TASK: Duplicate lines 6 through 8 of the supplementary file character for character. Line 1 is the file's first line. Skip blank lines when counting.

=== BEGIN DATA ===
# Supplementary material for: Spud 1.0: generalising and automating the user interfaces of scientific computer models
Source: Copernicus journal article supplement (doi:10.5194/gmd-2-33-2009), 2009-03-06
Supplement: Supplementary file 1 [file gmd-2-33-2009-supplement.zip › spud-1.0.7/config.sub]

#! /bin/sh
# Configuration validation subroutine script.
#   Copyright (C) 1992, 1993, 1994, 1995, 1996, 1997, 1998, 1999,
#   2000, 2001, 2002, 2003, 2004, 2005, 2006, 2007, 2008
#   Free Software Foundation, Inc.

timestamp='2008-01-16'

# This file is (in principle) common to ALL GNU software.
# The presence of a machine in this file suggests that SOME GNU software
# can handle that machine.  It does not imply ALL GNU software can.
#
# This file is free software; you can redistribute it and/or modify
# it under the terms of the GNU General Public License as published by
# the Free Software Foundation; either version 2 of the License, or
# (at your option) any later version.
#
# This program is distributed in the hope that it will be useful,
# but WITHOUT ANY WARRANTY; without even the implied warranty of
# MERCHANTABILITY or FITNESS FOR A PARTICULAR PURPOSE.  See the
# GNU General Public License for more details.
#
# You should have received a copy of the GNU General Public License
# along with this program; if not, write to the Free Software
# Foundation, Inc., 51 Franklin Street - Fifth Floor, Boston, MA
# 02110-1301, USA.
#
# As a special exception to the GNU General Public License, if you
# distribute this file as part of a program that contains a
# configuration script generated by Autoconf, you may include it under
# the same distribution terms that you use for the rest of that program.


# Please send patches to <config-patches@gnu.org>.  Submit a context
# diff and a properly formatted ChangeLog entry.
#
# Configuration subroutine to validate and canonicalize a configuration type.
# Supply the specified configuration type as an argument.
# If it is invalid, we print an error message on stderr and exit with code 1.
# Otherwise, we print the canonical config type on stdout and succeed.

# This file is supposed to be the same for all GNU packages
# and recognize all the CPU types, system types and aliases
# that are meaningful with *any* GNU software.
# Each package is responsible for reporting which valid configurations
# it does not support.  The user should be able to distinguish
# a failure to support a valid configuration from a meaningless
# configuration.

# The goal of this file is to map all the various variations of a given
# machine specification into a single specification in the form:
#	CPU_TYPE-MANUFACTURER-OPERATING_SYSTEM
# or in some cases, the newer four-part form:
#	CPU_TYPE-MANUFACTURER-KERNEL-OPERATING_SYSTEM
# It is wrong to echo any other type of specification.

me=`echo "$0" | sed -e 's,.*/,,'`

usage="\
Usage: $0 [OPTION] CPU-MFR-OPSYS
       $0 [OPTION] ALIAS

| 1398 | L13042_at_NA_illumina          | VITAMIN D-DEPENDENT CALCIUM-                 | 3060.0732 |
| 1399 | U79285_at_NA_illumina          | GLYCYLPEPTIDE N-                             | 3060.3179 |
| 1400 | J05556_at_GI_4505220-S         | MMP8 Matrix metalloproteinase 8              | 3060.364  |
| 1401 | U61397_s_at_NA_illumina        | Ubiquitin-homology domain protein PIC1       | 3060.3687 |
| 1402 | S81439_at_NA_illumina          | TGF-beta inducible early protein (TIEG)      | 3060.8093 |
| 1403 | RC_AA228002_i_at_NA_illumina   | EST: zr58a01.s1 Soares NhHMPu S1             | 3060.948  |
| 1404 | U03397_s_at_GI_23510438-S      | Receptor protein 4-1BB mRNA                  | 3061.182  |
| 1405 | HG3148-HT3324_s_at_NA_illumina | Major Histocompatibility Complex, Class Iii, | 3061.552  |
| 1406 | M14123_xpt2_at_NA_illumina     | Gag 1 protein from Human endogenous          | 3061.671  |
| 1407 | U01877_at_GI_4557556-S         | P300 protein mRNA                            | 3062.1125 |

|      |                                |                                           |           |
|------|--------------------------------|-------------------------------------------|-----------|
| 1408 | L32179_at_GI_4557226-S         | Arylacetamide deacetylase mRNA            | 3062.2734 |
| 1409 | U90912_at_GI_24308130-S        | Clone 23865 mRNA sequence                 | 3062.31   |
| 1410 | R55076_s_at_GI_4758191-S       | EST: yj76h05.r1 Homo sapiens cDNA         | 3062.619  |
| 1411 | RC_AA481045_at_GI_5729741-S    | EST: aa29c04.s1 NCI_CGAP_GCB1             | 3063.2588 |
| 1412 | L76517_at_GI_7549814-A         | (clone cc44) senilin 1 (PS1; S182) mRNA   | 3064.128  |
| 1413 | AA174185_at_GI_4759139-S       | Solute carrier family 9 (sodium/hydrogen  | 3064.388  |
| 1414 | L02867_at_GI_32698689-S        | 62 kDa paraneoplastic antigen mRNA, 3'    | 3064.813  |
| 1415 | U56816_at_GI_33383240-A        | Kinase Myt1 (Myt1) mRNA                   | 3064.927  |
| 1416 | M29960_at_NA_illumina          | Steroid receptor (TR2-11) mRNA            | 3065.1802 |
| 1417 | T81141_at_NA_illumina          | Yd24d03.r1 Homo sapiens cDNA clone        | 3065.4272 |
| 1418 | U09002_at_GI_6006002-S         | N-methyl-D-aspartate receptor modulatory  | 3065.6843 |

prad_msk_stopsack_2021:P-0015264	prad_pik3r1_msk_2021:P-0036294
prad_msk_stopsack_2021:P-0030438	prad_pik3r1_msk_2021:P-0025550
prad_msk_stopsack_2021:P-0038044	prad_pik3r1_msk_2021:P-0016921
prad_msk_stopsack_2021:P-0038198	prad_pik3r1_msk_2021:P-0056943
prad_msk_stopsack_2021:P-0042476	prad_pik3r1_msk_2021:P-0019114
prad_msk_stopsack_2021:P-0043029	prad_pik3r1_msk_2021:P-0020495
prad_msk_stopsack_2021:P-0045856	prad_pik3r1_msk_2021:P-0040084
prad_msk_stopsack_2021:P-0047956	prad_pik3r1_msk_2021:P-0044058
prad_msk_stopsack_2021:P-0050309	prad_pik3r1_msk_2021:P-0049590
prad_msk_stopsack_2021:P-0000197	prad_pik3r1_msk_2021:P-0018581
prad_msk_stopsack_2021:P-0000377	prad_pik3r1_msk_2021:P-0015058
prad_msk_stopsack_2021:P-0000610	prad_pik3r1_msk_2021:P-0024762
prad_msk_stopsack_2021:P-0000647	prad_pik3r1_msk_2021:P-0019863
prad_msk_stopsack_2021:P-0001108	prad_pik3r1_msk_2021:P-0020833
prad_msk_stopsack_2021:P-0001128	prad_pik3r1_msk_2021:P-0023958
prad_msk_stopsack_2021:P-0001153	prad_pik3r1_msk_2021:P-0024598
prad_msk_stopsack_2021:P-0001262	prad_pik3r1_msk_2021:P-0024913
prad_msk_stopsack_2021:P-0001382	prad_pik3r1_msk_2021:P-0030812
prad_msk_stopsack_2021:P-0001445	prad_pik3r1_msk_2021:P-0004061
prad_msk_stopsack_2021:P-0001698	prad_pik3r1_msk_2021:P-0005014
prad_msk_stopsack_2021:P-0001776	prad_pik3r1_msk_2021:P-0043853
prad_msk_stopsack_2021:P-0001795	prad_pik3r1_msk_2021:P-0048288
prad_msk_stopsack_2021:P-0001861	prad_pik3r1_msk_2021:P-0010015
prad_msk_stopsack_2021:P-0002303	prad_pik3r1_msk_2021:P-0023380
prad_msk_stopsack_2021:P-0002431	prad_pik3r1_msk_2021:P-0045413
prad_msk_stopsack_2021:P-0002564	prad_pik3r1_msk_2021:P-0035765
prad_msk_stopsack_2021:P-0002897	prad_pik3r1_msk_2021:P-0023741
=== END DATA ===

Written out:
#   Copyright (C) 1992, 1993, 1994, 1995, 1996, 1997, 1998, 1999,
#   2000, 2001, 2002, 2003, 2004, 2005, 2006, 2007, 2008
#   Free Software Foundation, Inc.